Climate Change Changes Bears' Choices; Bears Choose Berries
August 25, 2017 10:04 AM   Subscribe

Every year, William Deacy and Jonathan Armstrong returned to Kodiak Island, Alaska—a place where the world’s biggest grizzly bears gather to gorge themselves. Every year, hordes of sockeye salmon swim up from the ocean and fill the island’s streams in a spawning frenzy. Every year, the bears are waiting for them. But in 2014, the bears were gone.

Deacy et al. 2017. Phenological synchronization disrupts trophic interactions between Kodiak brown bears and salmon. PNAS doi: 10.1073/pnas.1705248114.
Climate change is altering the seasonal timing of life cycle events in organisms across the planet, but the magnitude of change often varies among taxa [Thackeray SJ, et al. (2016) Nature 535:241–245]. This can cause the temporal relationships among species to change, altering the strength of interaction. A large body of work has explored what happens when coevolved species shift out of sync, but virtually no studies have documented the effects of climate-induced synchronization, which could remove temporal barriers between species and create novel interactions. We explored how a predator, the Kodiak brown bear (Ursus arctos middendorffi), responded to asymmetric phenological shifts between its primary trophic resources, sockeye salmon (Oncorhynchus nerka) and red elderberry (Sambucus racemosa). In years with anomalously high spring air temperatures, elderberry fruited several weeks earlier and became available during the period when salmon spawned in tributary streams. Bears departed salmon spawning streams, where they typically kill 25–75% of the salmon [Quinn TP, Cunningham CJ, Wirsing AJ (2016) Oecologia 183:415–429], to forage on berries on adjacent hillsides. This prey switching behavior attenuated an iconic predator–prey interaction and likely altered the many ecological functions that result from bears foraging on salmon [Helfield JM, Naiman RJ (2006) Ecosystems 9:167–180]. We document how climate-induced shifts in resource phenology can alter food webs through a mechanism other than trophic mismatch. The current emphasis on singular consumer-resource interactions fails to capture how climate-altered phenologies reschedule resource availability and alter how energy flows through ecosystems.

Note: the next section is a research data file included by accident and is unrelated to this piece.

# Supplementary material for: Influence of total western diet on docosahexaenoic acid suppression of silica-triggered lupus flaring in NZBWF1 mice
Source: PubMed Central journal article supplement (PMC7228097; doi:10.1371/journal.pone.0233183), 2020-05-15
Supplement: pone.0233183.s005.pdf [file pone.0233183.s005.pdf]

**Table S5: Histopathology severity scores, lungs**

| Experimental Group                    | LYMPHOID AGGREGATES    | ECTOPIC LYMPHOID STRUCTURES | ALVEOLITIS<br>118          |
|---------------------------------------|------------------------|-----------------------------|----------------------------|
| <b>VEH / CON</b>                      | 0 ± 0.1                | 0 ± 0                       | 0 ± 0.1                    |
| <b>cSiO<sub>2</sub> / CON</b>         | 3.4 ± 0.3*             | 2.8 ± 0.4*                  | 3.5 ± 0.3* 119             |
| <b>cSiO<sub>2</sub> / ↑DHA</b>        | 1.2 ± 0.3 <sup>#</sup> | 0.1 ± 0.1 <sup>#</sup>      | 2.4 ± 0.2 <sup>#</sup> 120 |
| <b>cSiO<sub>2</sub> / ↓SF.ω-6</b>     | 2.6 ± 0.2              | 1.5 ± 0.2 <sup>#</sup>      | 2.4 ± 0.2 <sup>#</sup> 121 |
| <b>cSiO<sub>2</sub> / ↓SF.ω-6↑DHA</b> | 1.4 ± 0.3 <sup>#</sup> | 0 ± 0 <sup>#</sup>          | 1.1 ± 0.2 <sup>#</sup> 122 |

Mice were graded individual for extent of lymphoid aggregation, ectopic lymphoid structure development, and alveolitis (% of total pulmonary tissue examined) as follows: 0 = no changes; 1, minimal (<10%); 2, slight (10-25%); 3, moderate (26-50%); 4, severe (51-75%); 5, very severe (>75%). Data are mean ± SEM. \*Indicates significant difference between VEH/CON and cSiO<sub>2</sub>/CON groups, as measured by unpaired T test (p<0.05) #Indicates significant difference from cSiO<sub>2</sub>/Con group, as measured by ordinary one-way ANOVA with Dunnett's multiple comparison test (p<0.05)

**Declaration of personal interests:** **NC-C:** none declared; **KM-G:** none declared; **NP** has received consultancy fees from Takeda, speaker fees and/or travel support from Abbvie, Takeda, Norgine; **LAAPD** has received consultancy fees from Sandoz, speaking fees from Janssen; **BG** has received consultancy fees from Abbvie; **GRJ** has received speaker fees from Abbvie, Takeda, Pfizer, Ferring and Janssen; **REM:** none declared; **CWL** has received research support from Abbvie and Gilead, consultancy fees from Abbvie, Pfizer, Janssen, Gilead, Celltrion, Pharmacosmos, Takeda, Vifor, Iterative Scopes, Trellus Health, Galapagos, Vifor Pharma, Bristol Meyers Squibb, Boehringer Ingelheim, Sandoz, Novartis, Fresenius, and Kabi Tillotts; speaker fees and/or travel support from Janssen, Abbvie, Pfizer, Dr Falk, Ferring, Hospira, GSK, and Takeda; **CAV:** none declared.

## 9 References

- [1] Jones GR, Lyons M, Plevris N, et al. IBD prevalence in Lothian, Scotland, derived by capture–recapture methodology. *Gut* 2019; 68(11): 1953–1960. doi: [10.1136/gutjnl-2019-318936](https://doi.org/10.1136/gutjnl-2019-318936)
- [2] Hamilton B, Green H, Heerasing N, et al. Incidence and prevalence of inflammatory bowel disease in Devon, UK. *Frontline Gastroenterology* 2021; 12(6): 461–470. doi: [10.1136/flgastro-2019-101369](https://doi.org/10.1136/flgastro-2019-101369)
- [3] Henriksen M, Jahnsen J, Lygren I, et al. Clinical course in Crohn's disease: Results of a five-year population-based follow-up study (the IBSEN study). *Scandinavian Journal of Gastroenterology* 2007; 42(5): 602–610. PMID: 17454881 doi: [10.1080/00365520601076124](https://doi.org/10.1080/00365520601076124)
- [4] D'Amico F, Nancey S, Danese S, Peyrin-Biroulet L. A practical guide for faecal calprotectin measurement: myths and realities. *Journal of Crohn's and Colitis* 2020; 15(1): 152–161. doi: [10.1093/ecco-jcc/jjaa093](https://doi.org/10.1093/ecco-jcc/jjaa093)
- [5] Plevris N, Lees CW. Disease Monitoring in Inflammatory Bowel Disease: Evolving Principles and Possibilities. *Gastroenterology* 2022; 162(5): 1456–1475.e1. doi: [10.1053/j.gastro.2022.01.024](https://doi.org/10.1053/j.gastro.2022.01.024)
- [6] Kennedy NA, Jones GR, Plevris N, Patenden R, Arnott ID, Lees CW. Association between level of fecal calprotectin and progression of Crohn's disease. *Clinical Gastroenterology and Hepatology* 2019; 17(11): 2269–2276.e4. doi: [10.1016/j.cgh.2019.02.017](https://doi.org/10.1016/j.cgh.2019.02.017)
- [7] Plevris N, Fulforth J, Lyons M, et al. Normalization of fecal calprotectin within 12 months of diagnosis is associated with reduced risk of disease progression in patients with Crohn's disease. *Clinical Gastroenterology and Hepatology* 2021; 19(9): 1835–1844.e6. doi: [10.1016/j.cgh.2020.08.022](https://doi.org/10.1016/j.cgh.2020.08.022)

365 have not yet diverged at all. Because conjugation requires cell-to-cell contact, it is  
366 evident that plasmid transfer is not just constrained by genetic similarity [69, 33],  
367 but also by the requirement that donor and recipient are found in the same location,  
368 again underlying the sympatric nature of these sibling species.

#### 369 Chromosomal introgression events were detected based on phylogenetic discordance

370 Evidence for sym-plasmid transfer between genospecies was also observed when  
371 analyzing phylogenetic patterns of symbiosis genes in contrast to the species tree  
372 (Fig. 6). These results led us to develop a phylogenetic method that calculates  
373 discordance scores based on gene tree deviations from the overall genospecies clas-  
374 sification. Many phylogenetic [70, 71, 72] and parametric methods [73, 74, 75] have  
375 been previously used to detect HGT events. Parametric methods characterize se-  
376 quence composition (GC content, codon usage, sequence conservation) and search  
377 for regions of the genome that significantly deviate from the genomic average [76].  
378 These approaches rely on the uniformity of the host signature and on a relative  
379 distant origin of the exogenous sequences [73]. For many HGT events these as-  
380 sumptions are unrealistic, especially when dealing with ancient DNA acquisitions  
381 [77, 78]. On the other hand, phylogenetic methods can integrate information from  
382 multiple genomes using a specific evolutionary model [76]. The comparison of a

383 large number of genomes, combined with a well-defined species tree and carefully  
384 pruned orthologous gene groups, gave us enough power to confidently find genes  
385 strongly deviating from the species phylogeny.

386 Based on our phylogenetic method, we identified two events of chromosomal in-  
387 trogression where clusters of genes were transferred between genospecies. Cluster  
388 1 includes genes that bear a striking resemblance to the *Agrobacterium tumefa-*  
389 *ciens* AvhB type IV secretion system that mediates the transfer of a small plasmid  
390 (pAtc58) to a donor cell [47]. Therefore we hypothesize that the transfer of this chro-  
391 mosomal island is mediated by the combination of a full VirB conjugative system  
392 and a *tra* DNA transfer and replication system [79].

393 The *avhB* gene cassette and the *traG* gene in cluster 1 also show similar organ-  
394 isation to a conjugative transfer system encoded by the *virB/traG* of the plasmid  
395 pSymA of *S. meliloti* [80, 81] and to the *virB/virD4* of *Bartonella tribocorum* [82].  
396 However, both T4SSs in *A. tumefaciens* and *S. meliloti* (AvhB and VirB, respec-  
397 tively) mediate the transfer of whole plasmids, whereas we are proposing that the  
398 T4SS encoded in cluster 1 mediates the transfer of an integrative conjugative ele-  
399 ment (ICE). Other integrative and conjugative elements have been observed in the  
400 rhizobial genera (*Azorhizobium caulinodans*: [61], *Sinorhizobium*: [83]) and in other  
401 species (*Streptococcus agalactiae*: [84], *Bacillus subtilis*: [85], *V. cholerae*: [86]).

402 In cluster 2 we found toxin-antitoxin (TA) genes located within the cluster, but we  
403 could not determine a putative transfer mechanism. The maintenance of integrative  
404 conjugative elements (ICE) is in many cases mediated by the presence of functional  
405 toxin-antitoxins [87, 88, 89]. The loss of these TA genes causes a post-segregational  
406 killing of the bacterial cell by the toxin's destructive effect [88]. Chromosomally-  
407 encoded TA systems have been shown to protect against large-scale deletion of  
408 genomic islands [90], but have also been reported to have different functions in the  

Erlenbach et al. 2014. Macronutrient optimization and energy maximization determine diets of brown bears. American Journal of Mammalogy 95: 160-168.